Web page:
While Wisconsin was busy curtailing monopoly bargaining privileges to its government employees, Nevada Big labor has snagged a huge payback from Governor Steve Sisolak.
Since 1965 there has been a law on the books prohibiting monopoly bargaining for public employees in Nevada. Governor Sisolak recently signed legislation granting government employees the right negotiate wages, pensions and work rules for approximately 20,000 employees. Check out the story on the Wall Street Journal by the Editorial Board.
In effect the unions will now be on both sides of the negotiating table as they demand more money from the Governor they helped elect. Taxpayers won’t be represented because Mr. Sisolak will want to reward his union benefactors. This is why public unions differ from industrial unions that negotiate with a single private employer, and why Franklin Roosevelt opposed unions for public workers.
Nevada Democrats claim the law includes checks on wage and benefit increases. If Mr. Sisolak doesn’t like the result of negotiations, he can include “any amount of money that the Governor deems appropriate” in his proposed budget. A collective-bargaining agreement must also include a clause stipulating that “any provision” that “requires the Legislature to appropriate money is effective only to the extent of the legislative appropriation.”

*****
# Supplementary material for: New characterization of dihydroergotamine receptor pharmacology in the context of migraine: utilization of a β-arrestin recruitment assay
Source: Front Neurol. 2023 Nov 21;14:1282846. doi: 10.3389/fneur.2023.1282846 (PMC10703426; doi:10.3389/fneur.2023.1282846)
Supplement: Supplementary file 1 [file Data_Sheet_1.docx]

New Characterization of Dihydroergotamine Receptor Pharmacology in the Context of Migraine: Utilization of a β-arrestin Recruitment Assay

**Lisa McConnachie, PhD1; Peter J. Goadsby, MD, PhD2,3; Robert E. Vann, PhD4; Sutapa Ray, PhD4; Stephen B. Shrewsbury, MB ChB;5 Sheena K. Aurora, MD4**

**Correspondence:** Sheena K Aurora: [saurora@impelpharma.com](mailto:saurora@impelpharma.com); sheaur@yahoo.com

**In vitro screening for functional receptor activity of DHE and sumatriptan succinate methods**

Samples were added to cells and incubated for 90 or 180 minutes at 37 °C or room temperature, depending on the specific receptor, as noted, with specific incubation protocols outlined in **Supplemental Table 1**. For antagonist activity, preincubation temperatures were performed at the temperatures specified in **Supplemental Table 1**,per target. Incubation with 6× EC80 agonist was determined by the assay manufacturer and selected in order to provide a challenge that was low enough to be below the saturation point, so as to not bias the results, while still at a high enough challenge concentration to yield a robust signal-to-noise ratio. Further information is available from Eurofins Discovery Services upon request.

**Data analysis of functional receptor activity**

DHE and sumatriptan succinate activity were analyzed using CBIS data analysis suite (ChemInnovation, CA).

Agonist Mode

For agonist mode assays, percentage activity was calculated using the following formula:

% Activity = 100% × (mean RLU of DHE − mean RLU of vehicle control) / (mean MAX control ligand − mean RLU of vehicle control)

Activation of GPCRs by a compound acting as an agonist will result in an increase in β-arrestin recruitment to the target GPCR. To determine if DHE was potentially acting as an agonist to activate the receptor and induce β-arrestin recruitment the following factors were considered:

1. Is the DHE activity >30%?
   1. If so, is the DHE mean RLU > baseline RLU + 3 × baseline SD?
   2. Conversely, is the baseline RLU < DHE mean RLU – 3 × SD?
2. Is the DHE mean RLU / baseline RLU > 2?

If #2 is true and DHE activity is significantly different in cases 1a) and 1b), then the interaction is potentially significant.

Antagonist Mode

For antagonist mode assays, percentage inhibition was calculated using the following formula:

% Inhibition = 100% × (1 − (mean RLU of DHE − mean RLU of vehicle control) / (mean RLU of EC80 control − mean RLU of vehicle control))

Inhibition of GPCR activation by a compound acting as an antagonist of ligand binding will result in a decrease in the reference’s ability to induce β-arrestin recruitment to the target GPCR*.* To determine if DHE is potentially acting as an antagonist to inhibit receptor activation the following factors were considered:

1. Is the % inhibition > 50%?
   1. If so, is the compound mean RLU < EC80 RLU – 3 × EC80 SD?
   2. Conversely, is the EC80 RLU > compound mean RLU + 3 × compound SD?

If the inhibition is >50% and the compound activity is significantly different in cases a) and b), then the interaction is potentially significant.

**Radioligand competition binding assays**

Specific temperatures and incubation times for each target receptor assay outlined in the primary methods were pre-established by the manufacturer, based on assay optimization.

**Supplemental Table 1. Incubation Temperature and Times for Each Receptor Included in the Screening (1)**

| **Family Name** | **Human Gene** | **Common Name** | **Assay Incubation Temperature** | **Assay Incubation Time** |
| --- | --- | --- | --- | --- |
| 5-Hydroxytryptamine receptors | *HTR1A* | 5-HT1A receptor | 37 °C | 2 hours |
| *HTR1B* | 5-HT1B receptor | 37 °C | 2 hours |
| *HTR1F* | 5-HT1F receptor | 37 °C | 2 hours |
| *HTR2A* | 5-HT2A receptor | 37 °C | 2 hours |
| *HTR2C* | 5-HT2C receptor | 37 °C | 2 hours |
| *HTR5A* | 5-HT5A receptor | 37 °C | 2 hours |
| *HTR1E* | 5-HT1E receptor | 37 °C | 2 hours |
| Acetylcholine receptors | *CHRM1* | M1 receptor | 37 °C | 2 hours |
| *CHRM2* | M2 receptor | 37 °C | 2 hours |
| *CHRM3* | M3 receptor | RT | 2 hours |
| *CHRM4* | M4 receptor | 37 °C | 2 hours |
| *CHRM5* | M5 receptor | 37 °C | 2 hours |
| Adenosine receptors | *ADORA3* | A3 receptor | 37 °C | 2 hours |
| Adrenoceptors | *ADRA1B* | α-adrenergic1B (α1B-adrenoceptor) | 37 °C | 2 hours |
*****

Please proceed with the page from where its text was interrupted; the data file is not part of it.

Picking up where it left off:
But in practice this merely means that Democrats in the Legislature will have to be involved in the bargaining. And their incentive is to reward the unions too. Labor negotiations are exempt from the state’s open-meeting requirements, so the deal will emerge from the backrooms as a fait accompli.
This is the way it always works. Illinois and Connecticut are classic examples as public unions effectively run the state governments. In both states unfunded pension liabilities are more than 45% of the gross state product, according to the American Legislative Exchange Council.
The Las Vegas Metro Chamber of Commerce estimates that Nevada can expect to spend an additional $1.7 billion to $1.75 billion annually by 2036. That comes to $579 to $596 per resident a year. Mr. Sisolak won’t admit it, but in signing this bill he has started the clock ticking on the date that unions and Democrats lobby to impose a state income tax.
“We would like to note that there seems to be little debate among researchers and analysts who have studied the collective bargaining issue that government costs will increase,” the Chamber notes. “The debate generally focuses on what the policy response should be. Should government raise taxes, should it reallocate spending from other areas to accommodate the additional costs or should it do a combination of tax increases and spending reallocations?”